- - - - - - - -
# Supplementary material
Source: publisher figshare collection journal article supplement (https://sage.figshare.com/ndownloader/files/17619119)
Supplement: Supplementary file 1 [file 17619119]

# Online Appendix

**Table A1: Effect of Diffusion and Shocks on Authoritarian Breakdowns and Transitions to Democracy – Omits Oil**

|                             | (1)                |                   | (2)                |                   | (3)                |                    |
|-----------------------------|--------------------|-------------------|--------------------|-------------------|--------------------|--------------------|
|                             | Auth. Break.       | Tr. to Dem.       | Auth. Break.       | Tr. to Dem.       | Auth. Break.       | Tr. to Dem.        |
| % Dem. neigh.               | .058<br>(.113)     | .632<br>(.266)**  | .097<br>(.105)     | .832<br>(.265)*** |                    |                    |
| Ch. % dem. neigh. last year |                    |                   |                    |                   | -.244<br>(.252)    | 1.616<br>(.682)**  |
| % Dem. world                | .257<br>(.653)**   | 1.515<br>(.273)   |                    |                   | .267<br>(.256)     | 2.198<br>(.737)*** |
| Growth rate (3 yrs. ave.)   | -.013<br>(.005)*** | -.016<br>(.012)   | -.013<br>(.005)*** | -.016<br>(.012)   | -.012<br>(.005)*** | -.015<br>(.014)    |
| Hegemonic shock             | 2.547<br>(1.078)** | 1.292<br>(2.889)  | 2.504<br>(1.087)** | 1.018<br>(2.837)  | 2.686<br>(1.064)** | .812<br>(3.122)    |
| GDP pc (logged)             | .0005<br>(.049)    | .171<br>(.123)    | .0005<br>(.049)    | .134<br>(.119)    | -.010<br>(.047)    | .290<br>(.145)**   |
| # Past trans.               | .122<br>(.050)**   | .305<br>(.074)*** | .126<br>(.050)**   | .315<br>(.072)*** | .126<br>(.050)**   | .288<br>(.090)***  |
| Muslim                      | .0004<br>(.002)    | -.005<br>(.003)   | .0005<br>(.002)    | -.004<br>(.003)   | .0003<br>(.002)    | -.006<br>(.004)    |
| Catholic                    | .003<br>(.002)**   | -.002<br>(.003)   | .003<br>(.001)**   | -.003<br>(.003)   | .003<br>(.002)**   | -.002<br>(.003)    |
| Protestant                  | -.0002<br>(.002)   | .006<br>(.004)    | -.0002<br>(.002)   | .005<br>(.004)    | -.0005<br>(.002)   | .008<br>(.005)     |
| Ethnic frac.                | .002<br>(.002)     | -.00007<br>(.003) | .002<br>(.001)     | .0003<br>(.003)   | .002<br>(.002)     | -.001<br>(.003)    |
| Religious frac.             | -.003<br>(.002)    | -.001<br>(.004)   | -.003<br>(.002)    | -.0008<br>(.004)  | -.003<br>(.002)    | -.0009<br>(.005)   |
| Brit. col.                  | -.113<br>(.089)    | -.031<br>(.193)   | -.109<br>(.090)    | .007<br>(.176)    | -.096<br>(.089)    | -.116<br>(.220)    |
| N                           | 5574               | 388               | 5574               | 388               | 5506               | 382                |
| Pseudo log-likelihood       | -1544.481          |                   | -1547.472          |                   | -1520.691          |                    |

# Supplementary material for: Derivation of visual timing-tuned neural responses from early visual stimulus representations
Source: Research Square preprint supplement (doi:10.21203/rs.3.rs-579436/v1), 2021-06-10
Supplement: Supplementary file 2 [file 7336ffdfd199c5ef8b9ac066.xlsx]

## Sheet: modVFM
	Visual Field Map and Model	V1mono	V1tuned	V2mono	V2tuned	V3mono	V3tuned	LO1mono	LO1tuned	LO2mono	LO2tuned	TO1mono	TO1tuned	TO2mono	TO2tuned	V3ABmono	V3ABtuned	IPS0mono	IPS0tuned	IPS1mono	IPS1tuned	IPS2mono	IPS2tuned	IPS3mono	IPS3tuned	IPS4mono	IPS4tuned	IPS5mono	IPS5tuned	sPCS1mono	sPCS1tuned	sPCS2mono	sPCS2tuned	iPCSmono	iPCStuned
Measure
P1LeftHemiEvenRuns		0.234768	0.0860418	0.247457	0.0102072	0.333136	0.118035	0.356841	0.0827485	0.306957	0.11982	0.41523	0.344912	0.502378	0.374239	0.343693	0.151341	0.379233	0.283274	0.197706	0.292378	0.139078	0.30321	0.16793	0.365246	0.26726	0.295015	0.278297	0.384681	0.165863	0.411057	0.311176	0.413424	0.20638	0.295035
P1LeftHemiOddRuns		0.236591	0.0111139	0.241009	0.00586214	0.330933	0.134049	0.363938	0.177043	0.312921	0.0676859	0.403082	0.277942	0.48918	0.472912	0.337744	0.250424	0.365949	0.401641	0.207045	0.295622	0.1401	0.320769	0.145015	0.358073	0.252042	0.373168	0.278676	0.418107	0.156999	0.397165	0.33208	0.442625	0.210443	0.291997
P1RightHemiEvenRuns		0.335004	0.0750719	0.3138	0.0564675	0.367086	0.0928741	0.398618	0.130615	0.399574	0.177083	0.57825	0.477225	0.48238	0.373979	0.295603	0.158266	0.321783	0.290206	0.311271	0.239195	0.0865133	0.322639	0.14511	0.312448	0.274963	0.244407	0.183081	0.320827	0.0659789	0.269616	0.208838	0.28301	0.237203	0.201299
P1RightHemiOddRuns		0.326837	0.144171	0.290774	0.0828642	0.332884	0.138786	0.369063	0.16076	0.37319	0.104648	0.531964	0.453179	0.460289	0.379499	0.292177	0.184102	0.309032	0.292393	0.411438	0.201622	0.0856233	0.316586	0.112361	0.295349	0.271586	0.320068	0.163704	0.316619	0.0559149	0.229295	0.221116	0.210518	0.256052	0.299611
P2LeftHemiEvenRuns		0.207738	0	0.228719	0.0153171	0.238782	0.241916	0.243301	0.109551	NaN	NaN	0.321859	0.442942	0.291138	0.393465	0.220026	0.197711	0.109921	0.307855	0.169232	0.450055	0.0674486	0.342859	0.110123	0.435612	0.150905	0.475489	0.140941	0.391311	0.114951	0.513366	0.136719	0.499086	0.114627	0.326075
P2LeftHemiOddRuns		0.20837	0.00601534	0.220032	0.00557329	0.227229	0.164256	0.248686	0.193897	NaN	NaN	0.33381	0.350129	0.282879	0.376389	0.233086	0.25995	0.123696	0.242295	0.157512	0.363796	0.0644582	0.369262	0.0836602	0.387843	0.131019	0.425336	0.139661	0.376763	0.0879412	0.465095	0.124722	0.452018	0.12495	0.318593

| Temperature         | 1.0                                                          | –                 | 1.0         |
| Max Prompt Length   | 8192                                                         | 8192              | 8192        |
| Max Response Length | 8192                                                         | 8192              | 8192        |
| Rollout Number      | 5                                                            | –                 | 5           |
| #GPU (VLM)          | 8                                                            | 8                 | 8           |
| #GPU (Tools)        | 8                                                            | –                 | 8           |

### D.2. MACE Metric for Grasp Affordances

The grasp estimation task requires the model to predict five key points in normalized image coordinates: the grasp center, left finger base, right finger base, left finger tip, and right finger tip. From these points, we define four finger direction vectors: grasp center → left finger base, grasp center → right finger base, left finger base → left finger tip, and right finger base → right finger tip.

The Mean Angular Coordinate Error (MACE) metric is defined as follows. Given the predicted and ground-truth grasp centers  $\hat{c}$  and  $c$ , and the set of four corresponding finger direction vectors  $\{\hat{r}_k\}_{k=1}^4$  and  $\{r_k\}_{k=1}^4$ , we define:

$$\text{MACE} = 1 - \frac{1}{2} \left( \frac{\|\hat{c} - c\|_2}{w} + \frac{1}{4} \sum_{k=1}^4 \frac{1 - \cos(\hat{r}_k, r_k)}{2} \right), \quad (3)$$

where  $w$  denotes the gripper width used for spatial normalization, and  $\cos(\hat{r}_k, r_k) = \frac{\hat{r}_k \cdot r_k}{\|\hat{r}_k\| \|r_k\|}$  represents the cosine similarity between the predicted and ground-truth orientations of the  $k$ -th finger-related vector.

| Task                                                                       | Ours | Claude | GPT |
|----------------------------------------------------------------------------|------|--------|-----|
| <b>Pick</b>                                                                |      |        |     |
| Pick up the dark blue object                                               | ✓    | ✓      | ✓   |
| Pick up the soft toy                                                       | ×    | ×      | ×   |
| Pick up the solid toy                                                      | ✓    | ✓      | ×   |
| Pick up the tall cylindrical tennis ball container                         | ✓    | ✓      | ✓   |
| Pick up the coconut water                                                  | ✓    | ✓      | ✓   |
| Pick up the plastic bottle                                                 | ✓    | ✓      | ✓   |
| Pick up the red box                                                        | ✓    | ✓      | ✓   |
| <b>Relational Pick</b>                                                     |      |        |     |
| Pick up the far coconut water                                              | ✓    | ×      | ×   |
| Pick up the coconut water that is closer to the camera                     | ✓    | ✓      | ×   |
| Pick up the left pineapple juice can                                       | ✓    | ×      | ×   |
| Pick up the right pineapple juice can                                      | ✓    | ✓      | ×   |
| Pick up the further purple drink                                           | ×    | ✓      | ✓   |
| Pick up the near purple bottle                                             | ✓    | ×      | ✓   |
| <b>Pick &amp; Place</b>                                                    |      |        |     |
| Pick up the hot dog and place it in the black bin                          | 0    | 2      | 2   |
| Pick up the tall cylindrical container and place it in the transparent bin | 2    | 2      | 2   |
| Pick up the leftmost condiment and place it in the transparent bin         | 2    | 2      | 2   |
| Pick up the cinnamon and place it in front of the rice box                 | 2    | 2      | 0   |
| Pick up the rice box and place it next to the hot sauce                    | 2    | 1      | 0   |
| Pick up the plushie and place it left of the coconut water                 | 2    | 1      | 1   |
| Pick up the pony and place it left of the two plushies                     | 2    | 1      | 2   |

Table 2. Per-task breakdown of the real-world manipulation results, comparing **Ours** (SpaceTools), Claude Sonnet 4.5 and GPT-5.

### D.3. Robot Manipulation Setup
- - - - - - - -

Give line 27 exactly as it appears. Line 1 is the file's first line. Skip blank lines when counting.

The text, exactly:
## Sheet: modVFM